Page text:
There are an estimated 2,100 people in prison nationwide who were sentenced to life for crimes they committed when they were 17 or younger. States have begun to eliminate sentences of life without parole for juveniles. Others have implemented alternative sentencing programs to give juvenile offenders a “meaningful opportunity” for release.
The changes were prompted by an abundance of scientific evidence about adolescent brain development, as well as U.S. Supreme Court decisions that have been issued in the past eight years, according to a Dec. 10 article in The Intercept. But Maryland has been slow to get on the reform bandwagon. Maryland, California and Oklahoma are the last remaining states in which the governor’s signature is required in order to parole prisoners with life sentences.
With 200 parole-eligible juveniles in the Maryland prison system, juvenile justice advocates — like UB School of Law Professor Jane Murphy, who is quoted in the story — are hoping that the recent re-election of Gov. Larry Hogan might signal an opportunity for the kinds of reforms they believe are long overdue.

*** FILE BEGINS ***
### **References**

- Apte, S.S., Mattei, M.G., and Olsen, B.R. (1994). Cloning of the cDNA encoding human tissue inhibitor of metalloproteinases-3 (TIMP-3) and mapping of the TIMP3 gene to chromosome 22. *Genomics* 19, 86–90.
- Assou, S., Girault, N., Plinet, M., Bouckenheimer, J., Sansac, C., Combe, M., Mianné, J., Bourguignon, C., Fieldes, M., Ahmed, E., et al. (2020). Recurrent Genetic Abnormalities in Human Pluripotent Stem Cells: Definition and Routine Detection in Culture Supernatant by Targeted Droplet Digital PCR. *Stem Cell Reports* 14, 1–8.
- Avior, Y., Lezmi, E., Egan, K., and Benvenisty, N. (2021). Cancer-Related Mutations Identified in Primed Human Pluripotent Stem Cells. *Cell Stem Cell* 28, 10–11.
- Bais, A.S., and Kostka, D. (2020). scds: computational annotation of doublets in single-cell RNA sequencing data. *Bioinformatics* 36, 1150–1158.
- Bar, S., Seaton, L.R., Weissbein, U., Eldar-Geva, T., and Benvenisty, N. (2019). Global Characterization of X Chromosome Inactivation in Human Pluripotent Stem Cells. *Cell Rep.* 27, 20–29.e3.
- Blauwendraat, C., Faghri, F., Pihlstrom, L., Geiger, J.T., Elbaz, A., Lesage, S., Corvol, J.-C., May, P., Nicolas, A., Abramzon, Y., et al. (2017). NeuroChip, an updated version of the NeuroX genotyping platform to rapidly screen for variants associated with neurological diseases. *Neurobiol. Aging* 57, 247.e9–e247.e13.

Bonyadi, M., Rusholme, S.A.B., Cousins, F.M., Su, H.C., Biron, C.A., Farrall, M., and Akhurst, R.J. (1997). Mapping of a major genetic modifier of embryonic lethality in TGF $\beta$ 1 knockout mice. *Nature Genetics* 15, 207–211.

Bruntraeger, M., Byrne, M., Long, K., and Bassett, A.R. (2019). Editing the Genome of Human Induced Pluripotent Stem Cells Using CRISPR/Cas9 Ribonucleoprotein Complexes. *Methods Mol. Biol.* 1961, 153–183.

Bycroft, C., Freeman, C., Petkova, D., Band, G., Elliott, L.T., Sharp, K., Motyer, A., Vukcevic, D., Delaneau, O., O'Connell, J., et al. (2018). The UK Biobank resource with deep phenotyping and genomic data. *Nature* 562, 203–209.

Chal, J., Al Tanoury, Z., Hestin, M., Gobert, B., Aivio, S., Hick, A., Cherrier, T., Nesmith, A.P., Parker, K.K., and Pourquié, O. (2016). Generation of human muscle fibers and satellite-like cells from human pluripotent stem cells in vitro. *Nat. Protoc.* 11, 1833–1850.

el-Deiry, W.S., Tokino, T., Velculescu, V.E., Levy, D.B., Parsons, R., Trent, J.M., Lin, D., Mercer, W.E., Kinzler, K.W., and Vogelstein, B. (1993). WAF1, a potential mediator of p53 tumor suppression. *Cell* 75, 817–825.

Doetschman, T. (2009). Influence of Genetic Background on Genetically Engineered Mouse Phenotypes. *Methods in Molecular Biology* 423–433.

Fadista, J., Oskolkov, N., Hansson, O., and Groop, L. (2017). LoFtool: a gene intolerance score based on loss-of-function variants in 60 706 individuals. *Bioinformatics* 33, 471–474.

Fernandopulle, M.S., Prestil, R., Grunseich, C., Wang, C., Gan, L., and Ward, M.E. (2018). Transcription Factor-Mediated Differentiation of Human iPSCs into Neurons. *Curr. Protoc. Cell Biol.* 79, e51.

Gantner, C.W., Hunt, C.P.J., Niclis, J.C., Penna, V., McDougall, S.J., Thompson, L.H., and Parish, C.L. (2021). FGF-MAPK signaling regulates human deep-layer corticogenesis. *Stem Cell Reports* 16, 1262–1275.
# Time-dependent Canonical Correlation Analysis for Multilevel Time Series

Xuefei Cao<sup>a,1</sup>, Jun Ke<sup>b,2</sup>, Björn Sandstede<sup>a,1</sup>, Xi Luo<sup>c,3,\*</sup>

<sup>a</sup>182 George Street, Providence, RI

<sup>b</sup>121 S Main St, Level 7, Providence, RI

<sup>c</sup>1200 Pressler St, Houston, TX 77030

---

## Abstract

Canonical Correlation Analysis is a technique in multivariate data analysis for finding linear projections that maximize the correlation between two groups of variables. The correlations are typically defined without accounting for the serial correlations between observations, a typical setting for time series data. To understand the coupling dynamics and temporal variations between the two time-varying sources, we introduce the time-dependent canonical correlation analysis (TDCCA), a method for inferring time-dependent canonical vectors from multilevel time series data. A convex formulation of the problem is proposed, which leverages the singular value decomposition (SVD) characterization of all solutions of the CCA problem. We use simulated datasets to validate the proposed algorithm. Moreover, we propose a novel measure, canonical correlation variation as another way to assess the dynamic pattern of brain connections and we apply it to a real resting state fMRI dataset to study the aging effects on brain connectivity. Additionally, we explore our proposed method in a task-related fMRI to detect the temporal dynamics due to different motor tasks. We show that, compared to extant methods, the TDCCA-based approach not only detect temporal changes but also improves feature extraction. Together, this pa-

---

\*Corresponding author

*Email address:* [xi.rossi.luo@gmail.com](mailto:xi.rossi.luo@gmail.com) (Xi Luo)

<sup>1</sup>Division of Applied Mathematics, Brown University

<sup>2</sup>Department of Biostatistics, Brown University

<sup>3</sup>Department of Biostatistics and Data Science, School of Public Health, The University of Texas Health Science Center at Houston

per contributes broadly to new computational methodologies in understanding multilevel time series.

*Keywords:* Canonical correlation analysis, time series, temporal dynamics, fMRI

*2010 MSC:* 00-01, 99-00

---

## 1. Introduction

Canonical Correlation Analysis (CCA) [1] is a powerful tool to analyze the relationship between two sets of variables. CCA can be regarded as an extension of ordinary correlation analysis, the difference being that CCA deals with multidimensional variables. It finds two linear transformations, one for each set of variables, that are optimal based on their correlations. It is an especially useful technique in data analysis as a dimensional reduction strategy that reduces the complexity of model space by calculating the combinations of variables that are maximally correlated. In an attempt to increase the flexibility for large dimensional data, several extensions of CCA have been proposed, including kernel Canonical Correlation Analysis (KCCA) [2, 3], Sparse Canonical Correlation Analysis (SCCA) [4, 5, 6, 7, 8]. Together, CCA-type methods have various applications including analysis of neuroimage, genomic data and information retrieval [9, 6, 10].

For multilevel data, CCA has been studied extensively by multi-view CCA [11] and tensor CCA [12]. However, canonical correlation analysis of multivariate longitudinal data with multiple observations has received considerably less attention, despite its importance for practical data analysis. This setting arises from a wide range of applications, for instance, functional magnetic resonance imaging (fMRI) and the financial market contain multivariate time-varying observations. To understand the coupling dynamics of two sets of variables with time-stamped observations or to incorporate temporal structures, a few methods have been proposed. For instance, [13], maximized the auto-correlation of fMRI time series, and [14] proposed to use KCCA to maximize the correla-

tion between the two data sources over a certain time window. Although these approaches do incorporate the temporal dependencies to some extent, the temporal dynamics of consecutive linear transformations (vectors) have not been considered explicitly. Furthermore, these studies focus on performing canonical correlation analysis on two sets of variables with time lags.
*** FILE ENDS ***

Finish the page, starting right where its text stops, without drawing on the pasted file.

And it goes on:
“Republicans are presumed to be about law and order, and it can be easier for law-and-order politicians to move on criminal justice reform or grant clemency,” Murphy told The Intercept.
“There’s a lot of pressure on him, but it’s also politically easier for him to [grant parole]. We’re sort of hopeful now, because this is his second term and he’s term-limited. … If this is the end of the road for Hogan, he might be more courageous.”
The pressure on Hogan to take criminal justice reform more seriously is coming from a number of directions, the article notes. A group of about 50 attorneys came together in 2017 to request more protections for juvenile offenders. The Maryland Juvenile Lifer Parole Representation Project offers pro bono legal services to juvenile offenders in jail. “Our goal is not only to provide individual representation, but to unleash these large firm lawyers on this system,” explained Murphy.
The state is also currently defending itself against a 2016 federal lawsuit, brought by the ACLU, that challenges the constitutionality of Maryland’s parole scheme for juveniles. The case remains pending.